In this strange backwards design diary we began by finalizing the rulebook. Then we reviewed why I chose to move toward release when there was still testing that could have been done. Now the clock is reversing still further, and we are firmly in the production phase, refining ideas. At this stage, what questions are suitable for testing?
The answer, of course, is: any of them, so long as you develop the right test.
What makes for the right test? Zach explains here. In summary, a good test is the smallest thing that will answer the specific question you have.
As an example, let’s take a look at how I worked through one of the fundamental actions in Accelemechs vs. Crashotrons: attacking at range. In fiction battling robots fight with lasers, missiles, and all sorts of sci-fi armaments. That meant there needed to be some way for robots to knock each other over at a distance in the game as well.
I also wanted everything about Accelemechs vs. Crashotrons to focus on the toys it’s played with as much as possible. Hence, I wanted the results of one robot blasting another to be established using the toys, and not through dice, cards, etc.
Early on, it became clear that the best way to accomplish those goals was for the players to throw something. Now, kids know two facts about throwing: (1) it’s fun, and (2) it’s more fun when you’re doing it indoors. Those facts, it turns out, hold throughout life. People love throwing things at toy robots. Throwing things is, for some players, the best part of the game.
Based on that positive feedback, I came out of the ideation phase absolutely certain that players were going to simulate ranged attacks by throwing something at their opponent’s toys. In production I needed to answer the question I was begging: what, exactly, should players throw?
As silly as it might sound, that was a huge issue. I wanted ranged attacks to meet four key standards:
Be effective, but not very effective: through some combination of weirdly bad aim and mechanical toughness, fictional robots generally don’t suffer much harm in long-range battles. Decisive confrontations happen up close. Whatever the players threw needed to be able to knock a toy over, but to protect the theme it couldn’t do so reliably.
Reflect differing fictional capabilities: some robots are tougher than others. Even without a canonical storyline, toys can be bigger or just look like they’re meant to take a hit. The effects of the thrown object needed to affect toys in ways that made sense based on the perceived toughness of the toy.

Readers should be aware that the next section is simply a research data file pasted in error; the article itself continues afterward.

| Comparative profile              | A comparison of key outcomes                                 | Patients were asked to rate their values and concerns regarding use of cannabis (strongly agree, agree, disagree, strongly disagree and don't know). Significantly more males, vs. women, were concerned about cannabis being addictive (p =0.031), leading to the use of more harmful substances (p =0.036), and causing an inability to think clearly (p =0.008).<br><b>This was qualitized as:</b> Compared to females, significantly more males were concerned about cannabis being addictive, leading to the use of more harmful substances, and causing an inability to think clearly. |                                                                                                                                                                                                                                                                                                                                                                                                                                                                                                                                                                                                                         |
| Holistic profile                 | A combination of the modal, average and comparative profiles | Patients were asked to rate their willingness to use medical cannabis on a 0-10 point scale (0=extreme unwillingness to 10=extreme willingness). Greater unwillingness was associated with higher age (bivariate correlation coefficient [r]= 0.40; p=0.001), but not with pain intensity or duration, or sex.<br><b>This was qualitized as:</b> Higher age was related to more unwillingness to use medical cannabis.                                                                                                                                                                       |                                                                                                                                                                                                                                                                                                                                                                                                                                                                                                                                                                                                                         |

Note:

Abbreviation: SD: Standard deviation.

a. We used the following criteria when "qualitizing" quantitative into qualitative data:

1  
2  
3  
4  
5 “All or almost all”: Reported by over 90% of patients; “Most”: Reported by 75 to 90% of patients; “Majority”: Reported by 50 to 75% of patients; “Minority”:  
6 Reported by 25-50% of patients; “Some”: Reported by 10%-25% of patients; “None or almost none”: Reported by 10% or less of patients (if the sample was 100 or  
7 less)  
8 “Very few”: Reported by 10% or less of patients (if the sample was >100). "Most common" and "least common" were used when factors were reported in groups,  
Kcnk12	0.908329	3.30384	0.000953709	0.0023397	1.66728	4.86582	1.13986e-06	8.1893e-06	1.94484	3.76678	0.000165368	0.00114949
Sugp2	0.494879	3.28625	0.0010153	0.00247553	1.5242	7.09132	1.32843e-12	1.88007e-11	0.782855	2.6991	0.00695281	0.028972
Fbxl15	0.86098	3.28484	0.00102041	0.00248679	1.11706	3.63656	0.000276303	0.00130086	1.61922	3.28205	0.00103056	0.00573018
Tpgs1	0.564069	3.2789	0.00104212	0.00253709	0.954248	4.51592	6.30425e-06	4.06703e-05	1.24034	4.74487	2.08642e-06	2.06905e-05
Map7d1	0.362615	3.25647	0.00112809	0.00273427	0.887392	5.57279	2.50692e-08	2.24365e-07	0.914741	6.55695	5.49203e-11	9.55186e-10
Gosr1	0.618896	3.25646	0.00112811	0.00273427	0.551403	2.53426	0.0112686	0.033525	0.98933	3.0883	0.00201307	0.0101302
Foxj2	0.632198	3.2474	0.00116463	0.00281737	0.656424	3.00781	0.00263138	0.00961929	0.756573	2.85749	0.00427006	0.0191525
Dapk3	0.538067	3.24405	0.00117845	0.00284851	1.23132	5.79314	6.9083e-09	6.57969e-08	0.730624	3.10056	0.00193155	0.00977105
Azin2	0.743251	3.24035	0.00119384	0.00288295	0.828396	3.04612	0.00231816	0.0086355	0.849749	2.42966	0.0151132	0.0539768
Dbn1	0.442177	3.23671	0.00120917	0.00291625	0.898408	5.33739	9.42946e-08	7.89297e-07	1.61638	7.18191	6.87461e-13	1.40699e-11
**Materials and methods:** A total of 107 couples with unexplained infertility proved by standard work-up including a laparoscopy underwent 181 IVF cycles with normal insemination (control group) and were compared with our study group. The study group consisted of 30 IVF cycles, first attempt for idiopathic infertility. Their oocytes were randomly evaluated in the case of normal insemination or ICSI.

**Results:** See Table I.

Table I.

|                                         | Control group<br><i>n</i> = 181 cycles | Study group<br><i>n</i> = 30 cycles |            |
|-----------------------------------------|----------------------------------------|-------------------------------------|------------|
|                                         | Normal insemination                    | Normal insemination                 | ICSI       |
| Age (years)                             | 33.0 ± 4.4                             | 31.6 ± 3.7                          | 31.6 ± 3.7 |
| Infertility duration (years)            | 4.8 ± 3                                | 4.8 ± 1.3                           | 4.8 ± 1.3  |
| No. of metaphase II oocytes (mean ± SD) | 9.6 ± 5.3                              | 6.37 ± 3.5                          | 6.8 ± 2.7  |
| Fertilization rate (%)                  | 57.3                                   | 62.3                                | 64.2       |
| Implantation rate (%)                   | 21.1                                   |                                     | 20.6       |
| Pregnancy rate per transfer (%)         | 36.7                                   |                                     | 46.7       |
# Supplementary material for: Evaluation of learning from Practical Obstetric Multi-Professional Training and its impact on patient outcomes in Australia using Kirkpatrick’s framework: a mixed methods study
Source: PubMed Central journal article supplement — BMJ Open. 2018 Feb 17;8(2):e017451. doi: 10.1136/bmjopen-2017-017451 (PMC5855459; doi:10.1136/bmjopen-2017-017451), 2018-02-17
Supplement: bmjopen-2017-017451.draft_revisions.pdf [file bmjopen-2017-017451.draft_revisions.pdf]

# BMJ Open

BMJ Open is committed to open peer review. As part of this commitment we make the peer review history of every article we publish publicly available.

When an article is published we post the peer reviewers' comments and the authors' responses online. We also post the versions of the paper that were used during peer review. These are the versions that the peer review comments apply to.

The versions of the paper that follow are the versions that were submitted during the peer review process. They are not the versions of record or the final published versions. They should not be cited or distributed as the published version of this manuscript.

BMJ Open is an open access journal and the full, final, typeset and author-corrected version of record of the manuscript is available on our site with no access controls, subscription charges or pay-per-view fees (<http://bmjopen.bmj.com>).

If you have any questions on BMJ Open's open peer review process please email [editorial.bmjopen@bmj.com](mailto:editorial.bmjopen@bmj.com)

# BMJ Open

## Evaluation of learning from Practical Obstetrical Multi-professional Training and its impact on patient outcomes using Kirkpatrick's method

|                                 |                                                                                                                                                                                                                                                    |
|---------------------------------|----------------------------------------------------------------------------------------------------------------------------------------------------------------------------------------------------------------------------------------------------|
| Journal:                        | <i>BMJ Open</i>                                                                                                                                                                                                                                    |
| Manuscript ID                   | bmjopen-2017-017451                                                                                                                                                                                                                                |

Cheap and commonly available: to the greatest extent feasible, I wanted people who find some old toys in their attic to be playing Accelemechs vs. Crashotrons the same day. This vital game component should be something they have, not something they’ll need to go out and buy.
Limit collateral effects: throwing things indoors always involves a certain amount of judgement. One must have the good sense not to play when heirloom glassware is on the table. My goal here was to build mechanisms that would serve as reminders and helpers in using reasonable care.
With my question, and these intended outcomes, I was able to design this very silly—but very effective—test:
OK, yes, the video is staged—but this is what I really did. I got several toys, of differing heights, weights, and numbers of appendages, and I threw a bunch of stuff at them. That was the smallest thing that answered the specific question I had.
After doing so, I knew all of the following:
- A well-thrown toddler sock is moderately likely to knock down an average-sized robot toy (about 5”). It’s mostly useless against anything bigger than about 6.5”, unless that toy is standing on a surface with some traction, such as a rug. In that case, if you hit the target high enough the drag on the feet enables you to overbalance the figure.
- I went into this test thinking bouncy balls would be great. They’re cheap, they’re available everywhere, any home that’s ever had kids live in it probably already has a couple, and they have some—but not too much—mass.
- As the second clip in the video shows, though, they’re much too bouncy. Hit or miss, they go everywhere. Even if you don’t break something, you have to find the ball in whatever distant corner it rolled into every time, which is annoying.
- Adult tube socks are comically powerful at this scale. Even big toys are quite vulnerable to tube socks.
- Other kinds of socks end up somewhere between toddler socks and adult tube socks in terms of their knocking-toys-over potential.
With that test complete I had the grist for the final rules. Players would use rolled-up toddler socks, unless the game surpasses a critical mass of larger toys, in which case it’s tube socks all around. To constrain both striking power and collateral damage potential, players are required to throw with an elbow on the table, and to bounce the sock into the target rather than throwing directly. Add some technical cleaning up, and you have what’s in the rulebook now.
This isn’t the kind of playtest that’s often discussed on Boardgamegeek, or what you’re likely to see at a public playtest session. That’s fine! I didn’t need other people to get the data I needed, or to play the game all the way through. In fact, I didn’t need to play the game at all; setting up a battlefield and moving toys around wouldn’t contribute to answering my narrow question.
Finding that narrow question, and setting up a limited test to answer it, are the keys. If you try to address every issue by playing your game all the way through repeatedly, hoping to develop the broadest possible understanding of the problem, you’ll never finish. Build and run the smallest thing that answers the specific question so that you can get what you need and move on.